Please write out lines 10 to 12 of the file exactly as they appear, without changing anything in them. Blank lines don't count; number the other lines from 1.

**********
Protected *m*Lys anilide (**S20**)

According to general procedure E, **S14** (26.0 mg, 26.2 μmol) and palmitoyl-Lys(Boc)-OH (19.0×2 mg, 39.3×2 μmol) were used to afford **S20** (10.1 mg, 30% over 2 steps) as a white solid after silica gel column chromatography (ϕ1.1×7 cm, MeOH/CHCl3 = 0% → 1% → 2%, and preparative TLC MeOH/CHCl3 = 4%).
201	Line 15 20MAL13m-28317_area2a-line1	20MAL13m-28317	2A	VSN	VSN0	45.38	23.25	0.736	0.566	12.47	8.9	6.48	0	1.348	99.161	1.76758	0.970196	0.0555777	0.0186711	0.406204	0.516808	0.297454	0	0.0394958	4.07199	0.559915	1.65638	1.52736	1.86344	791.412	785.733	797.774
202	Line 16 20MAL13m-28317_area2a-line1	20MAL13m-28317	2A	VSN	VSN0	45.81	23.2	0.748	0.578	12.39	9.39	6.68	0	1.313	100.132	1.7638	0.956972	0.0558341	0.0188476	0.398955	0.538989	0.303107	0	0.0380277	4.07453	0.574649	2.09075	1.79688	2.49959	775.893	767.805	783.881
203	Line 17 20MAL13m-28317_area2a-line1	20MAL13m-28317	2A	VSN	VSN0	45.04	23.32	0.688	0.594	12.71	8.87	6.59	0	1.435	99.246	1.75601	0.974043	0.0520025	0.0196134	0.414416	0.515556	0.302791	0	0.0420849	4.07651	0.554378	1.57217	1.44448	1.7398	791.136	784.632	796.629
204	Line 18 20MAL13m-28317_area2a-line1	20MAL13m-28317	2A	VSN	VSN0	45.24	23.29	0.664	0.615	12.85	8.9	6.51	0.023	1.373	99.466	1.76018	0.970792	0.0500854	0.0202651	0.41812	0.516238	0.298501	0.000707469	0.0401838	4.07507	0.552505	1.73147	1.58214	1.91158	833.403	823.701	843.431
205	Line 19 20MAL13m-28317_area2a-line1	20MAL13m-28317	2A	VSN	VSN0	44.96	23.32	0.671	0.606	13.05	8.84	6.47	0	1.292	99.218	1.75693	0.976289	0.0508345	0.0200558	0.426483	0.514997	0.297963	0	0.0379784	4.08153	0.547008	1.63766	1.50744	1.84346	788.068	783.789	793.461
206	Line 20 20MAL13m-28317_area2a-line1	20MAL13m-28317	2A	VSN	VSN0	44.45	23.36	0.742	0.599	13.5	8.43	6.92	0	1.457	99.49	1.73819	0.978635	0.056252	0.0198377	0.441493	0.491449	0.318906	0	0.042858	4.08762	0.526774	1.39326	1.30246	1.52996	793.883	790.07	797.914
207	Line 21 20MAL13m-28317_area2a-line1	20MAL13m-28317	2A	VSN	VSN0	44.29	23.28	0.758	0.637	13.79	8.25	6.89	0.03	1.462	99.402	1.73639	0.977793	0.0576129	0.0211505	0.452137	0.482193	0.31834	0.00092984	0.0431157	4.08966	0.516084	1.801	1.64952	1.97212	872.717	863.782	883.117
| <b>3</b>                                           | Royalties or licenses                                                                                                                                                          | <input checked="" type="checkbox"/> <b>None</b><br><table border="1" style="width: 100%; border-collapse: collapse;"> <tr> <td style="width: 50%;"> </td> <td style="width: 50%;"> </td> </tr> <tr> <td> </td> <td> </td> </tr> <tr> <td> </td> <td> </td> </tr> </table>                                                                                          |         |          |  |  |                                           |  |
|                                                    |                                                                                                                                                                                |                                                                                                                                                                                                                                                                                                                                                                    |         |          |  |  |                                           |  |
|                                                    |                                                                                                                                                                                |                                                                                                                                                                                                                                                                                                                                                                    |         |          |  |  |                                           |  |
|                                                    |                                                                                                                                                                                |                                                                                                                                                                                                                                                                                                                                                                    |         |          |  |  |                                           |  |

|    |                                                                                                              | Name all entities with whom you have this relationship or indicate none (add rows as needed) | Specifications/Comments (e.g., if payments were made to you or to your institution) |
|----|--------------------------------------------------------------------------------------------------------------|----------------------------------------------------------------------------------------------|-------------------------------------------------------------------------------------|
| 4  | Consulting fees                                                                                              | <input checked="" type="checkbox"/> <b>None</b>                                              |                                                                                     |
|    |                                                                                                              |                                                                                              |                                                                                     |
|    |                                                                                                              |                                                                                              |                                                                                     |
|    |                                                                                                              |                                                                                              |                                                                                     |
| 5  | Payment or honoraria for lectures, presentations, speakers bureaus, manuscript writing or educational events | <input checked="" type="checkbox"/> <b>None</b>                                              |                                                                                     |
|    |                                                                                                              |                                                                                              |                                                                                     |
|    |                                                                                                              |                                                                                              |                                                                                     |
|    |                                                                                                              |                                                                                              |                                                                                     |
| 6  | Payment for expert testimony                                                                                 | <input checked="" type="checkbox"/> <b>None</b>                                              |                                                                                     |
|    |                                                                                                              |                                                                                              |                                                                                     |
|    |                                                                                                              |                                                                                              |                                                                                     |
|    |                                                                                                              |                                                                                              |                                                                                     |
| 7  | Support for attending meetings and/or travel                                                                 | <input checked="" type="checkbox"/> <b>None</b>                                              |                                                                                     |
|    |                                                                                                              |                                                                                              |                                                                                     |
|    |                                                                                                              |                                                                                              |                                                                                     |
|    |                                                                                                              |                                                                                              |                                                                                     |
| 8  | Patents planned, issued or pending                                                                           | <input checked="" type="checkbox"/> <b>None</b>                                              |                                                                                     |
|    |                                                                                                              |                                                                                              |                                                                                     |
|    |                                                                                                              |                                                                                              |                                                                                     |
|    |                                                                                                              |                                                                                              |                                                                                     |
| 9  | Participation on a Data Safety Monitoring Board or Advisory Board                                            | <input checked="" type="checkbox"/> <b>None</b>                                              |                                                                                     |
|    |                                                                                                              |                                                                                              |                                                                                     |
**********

| <b>3</b>                                           | Royalties or licenses                                                                                                                                                          | <input checked="" type="checkbox"/> <b>None</b><br><table border="1" style="width: 100%; border-collapse: collapse;"> <tr> <td style="width: 50%;"> </td> <td style="width: 50%;"> </td> </tr> <tr> <td> </td> <td> </td> </tr> <tr> <td> </td> <td> </td> </tr> </table>                                                                                          |         |          |  |  |                                           |  |
|                                                    |                                                                                                                                                                                |                                                                                                                                                                                                                                                                                                                                                                    |         |          |  |  |                                           |  |
|                                                    |                                                                                                                                                                                |                                                                                                                                                                                                                                                                                                                                                                    |         |          |  |  |                                           |  |